At this point, it may be useful to remind ourselves of a fundamental difference between Christianity and Islam: Christianity generally operates within a set administrative church apparatus. The Christian sects have a hierarchy, with a church pastor answering to a bishop of his denomination as well as the congregation. The bishop, in turn, answers to a higher level cleric, and so on. And, some of the denominations maintain a world-wide spiritual leader, with a suitable supporting state apparatus.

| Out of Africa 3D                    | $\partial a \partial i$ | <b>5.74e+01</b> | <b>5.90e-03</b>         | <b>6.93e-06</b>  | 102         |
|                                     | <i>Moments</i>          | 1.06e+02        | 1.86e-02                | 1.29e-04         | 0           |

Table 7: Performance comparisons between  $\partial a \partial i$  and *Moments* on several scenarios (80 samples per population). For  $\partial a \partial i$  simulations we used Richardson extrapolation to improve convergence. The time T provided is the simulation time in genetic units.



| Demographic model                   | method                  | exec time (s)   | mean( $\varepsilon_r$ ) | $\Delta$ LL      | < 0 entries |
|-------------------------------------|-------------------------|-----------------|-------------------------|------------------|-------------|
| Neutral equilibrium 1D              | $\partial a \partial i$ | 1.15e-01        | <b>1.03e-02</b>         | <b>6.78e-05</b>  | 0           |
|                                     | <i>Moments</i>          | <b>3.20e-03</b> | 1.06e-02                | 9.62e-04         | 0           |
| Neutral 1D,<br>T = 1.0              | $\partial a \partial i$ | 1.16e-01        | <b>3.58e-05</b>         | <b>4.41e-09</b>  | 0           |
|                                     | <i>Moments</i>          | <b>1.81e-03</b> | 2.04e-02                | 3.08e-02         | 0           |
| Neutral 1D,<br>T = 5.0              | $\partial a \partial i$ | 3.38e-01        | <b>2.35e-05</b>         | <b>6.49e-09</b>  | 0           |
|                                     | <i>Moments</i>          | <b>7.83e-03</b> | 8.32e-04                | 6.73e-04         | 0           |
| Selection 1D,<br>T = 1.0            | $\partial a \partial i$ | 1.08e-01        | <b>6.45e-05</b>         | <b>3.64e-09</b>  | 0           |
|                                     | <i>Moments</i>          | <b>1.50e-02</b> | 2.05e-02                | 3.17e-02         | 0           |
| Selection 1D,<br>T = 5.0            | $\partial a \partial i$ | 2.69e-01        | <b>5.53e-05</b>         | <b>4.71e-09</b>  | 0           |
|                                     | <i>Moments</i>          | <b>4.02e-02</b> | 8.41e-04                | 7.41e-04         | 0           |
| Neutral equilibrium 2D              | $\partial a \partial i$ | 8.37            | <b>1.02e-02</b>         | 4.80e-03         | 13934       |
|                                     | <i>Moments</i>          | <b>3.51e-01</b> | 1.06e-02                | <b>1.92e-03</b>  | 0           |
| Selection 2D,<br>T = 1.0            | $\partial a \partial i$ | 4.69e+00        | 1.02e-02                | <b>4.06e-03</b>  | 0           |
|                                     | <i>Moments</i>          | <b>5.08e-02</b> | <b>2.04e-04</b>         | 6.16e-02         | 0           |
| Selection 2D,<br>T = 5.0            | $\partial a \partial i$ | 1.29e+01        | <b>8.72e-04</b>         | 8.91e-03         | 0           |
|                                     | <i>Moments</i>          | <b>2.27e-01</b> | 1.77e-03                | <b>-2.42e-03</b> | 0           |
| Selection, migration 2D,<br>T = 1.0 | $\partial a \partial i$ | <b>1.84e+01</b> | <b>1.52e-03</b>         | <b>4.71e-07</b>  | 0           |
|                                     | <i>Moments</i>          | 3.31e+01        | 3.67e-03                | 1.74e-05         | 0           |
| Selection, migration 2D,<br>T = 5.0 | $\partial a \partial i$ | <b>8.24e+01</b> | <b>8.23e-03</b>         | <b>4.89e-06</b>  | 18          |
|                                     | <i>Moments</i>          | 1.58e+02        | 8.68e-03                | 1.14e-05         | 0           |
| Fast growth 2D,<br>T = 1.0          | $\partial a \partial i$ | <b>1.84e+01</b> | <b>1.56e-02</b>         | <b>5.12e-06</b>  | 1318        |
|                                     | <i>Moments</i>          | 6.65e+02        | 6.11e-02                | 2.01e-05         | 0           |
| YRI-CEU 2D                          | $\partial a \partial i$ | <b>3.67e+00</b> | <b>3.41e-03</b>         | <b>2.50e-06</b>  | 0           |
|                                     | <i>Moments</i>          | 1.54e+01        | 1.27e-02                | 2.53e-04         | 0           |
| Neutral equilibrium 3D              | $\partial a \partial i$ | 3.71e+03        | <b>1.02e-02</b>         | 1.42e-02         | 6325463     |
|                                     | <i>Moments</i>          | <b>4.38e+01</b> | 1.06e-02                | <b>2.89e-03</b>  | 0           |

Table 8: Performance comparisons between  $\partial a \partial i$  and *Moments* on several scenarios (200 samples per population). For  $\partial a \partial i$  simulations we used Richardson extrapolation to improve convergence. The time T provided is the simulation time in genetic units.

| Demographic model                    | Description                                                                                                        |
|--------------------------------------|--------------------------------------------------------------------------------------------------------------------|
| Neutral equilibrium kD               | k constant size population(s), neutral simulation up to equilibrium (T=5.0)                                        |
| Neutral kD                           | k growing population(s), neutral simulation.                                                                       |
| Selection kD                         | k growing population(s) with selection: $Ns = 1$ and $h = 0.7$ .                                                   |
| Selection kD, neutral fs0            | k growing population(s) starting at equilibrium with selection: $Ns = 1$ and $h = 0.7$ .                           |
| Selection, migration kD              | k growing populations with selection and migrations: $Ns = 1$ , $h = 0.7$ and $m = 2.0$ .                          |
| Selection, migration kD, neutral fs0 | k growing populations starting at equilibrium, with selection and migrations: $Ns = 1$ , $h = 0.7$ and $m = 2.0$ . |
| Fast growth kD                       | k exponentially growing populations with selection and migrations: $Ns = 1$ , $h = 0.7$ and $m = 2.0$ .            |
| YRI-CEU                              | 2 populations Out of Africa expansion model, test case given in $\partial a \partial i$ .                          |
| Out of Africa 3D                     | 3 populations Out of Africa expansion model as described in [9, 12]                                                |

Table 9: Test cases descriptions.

None of this is the fundamental case with respect to Islam. A prayer leader only answers to his congregation. This is because Islam believes that there ought not be any type of mediation between a soul and God, a thought that fueled the Christian Reformation in the 16th century. Each individual will communicate with the deity at his own personal level and receive unconditional salvation. Again, in its original form, Islam did not make a distinction between the spiritual and the profane worlds; religion and statecraft are of one fabric--that is, when the mosques are not under the control of the political state, be it the 8th century Caliphates or the 21st century sovereign states. As mentioned above, on the other hand, the Soviet Union totally took over religion and placed it firmly under state control. Nothing religious, regardless of sect, could take place without the knowledge or permission of the security organs. The purpose, as demonstrated in related literature, was to remove this religious influence from the ruling equation, to make the population more pliable in general to the demands of the state. After all, a religion usually has legitimation issues involving the ruling strata and may support or oppose a political system or politician.